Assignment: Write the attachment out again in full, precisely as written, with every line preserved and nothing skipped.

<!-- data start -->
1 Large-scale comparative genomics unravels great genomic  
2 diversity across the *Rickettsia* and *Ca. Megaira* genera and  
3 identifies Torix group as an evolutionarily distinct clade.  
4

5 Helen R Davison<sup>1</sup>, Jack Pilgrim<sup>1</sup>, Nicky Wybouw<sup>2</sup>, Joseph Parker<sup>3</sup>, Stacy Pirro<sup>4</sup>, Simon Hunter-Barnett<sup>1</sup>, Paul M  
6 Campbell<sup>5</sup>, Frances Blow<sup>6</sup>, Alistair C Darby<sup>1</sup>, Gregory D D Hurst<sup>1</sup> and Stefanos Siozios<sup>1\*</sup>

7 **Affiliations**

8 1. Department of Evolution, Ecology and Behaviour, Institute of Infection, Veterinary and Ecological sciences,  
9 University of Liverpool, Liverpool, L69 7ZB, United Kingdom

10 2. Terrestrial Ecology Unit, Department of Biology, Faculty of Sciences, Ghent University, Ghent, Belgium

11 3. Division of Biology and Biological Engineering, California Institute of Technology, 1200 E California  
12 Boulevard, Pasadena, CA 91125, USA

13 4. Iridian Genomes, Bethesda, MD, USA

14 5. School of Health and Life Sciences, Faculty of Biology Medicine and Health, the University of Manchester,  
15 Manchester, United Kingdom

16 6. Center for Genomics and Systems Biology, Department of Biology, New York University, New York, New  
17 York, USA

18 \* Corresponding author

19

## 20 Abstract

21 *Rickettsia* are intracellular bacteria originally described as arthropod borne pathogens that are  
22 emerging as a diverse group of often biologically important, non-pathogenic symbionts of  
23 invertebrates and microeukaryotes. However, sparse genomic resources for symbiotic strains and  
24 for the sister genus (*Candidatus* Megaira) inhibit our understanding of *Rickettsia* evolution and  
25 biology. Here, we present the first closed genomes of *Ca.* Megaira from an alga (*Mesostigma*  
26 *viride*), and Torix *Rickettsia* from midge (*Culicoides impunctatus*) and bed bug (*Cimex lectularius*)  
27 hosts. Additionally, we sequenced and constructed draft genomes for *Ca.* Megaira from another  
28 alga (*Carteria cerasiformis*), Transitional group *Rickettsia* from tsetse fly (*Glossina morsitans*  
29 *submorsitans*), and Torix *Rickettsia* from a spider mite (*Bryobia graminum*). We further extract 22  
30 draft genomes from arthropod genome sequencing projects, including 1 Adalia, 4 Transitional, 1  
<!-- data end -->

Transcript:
1 Large-scale comparative genomics unravels great genomic  
2 diversity across the *Rickettsia* and *Ca. Megaira* genera and  
3 identifies Torix group as an evolutionarily distinct clade.  
4

5 Helen R Davison<sup>1</sup>, Jack Pilgrim<sup>1</sup>, Nicky Wybouw<sup>2</sup>, Joseph Parker<sup>3</sup>, Stacy Pirro<sup>4</sup>, Simon Hunter-Barnett<sup>1</sup>, Paul M  
6 Campbell<sup>5</sup>, Frances Blow<sup>6</sup>, Alistair C Darby<sup>1</sup>, Gregory D D Hurst<sup>1</sup> and Stefanos Siozios<sup>1\*</sup>

7 **Affiliations**

8 1. Department of Evolution, Ecology and Behaviour, Institute of Infection, Veterinary and Ecological sciences,  
9 University of Liverpool, Liverpool, L69 7ZB, United Kingdom

10 2. Terrestrial Ecology Unit, Department of Biology, Faculty of Sciences, Ghent University, Ghent, Belgium

11 3. Division of Biology and Biological Engineering, California Institute of Technology, 1200 E California  
12 Boulevard, Pasadena, CA 91125, USA

13 4. Iridian Genomes, Bethesda, MD, USA

14 5. School of Health and Life Sciences, Faculty of Biology Medicine and Health, the University of Manchester,  
15 Manchester, United Kingdom

16 6. Center for Genomics and Systems Biology, Department of Biology, New York University, New York, New  
17 York, USA

18 \* Corresponding author

19

## 20 Abstract

21 *Rickettsia* are intracellular bacteria originally described as arthropod borne pathogens that are  
22 emerging as a diverse group of often biologically important, non-pathogenic symbionts of  
23 invertebrates and microeukaryotes. However, sparse genomic resources for symbiotic strains and  
24 for the sister genus (*Candidatus* Megaira) inhibit our understanding of *Rickettsia* evolution and  
25 biology. Here, we present the first closed genomes of *Ca.* Megaira from an alga (*Mesostigma*  
26 *viride*), and Torix *Rickettsia* from midge (*Culicoides impunctatus*) and bed bug (*Cimex lectularius*)  
27 hosts. Additionally, we sequenced and constructed draft genomes for *Ca.* Megaira from another  
28 alga (*Carteria cerasiformis*), Transitional group *Rickettsia* from tsetse fly (*Glossina morsitans*  
29 *submorsitans*), and Torix *Rickettsia* from a spider mite (*Bryobia graminum*). We further extract 22  
30 draft genomes from arthropod genome sequencing projects, including 1 Adalia, 4 Transitional, 1  